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Tuesday, January 18, 2011

Why a better GEDCOM? or GEDCOM unveiled

At some time in most genealogists' lives they get the urge to share some of their work with family members (whether the family members like it or not). YOU WILL TAKE SOME OF MY GENEALOGY!!! Maybe they aren't quite that reluctant. But inevitably, who ever you are sending your information to, does not have the same program you use to store their genealogy. In the best of all possible worlds, they don't have a genealogy program at all, so you can tell them to go buy the one you have. I am assuming here, of course, that your relative does not want a pile of paper printouts. It could happen you know. So you send you relative an E-mail with a copy of your file attached and by return E-mail you get the comment, "I couldn't open your file. What program are you using?" Guess what? You are both using the same program. Now what? You have no idea why they cannot open your program.

Sharing data is not as straight forward as it should be. I have a file and you want it. To make the transfer, we can do one or more of the following:

1. I save a copy of my data file in my program's format. You have the same program I have and simply double click on the file I send to you and the program opens the file copy. You now have a complete copy of my file. The file can now be saved to a new location on your hard drive, where it might be found again some time in the future.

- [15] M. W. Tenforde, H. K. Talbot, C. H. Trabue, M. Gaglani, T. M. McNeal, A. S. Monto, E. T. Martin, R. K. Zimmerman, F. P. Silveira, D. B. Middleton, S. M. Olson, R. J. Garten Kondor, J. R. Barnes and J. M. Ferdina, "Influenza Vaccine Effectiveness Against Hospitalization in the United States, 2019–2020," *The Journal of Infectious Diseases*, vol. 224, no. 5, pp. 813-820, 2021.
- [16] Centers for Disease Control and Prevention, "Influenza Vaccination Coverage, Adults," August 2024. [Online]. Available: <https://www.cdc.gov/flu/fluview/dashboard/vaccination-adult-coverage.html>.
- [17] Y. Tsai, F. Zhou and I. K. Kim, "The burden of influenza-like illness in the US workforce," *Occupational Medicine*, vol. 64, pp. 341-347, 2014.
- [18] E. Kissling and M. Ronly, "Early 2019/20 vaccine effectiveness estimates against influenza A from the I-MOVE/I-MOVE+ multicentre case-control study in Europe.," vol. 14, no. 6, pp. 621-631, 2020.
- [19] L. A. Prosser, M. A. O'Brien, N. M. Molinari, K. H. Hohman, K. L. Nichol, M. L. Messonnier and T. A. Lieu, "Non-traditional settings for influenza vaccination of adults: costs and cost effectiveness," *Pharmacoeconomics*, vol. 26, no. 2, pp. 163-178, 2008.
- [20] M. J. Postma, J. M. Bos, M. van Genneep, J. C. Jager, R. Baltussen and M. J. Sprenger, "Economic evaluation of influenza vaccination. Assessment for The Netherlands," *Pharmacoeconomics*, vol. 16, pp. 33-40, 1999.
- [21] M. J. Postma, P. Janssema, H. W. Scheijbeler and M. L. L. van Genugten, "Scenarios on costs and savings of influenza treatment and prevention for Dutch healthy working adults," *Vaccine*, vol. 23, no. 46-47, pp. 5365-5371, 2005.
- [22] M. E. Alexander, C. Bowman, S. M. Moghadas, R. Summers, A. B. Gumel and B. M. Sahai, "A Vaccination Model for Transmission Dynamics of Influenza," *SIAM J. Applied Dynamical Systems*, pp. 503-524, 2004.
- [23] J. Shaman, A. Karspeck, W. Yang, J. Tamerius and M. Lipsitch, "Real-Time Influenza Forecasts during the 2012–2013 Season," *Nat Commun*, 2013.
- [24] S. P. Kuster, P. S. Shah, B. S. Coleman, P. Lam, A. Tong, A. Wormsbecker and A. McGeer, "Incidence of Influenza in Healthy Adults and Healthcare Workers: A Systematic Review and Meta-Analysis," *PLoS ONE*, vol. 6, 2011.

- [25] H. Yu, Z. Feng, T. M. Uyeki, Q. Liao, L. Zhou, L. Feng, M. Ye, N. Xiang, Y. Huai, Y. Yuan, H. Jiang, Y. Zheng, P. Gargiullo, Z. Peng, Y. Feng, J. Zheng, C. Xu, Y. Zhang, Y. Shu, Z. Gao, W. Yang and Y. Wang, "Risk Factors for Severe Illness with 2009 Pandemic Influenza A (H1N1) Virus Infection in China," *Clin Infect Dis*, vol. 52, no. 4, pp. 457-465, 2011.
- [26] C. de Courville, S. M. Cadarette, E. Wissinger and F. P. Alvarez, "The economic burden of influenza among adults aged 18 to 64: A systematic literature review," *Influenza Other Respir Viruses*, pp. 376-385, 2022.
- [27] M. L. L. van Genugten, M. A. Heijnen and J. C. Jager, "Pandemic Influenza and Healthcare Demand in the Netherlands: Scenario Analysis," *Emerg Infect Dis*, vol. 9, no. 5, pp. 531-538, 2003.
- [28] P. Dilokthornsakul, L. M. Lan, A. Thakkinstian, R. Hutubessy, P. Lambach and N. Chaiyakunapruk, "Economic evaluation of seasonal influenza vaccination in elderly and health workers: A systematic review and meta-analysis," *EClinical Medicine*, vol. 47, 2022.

2. Same circumstances as No. 1, except this time the file won't open. I forgot to ask which version of the program you had. I have a newer version than you do and your older version will not open my file. Solution: you upgrade your program to the same or newer version of the program I have on my computer and then the file will open.

3. Same circumstances as No. 1 but the file won't open and you have the same version of the program that I have. Most likely, I have sent you a file that will not "open" when you double click on it. It could be a backup or archive version of the file. Oh, that's right, I made a backup copy. So now, you have to restore the backup copy to an empty program file. You still have to worry about losing the program by saving it to some unknown location with a name you promptly forgot, but since you now have the same or a newer version of the program than I have, you can open the copy I send to you with the restore command (or something similar).

4. We ignore numbers one through three and I send you a file, but this time when you click on the file, nothing happens or you get an error message asking you to locate a program to open the file. You look closely at the file and it has a .ged extension (whatever that is). Not to worry. This time it doesn't matter if we have the same program or even the same version. Almost all genealogy programs can "import" a GEDCOM or .ged file (the same thing). You open a new empty file and click on the import command and in a few seconds you have my entire file (more or less, usually less).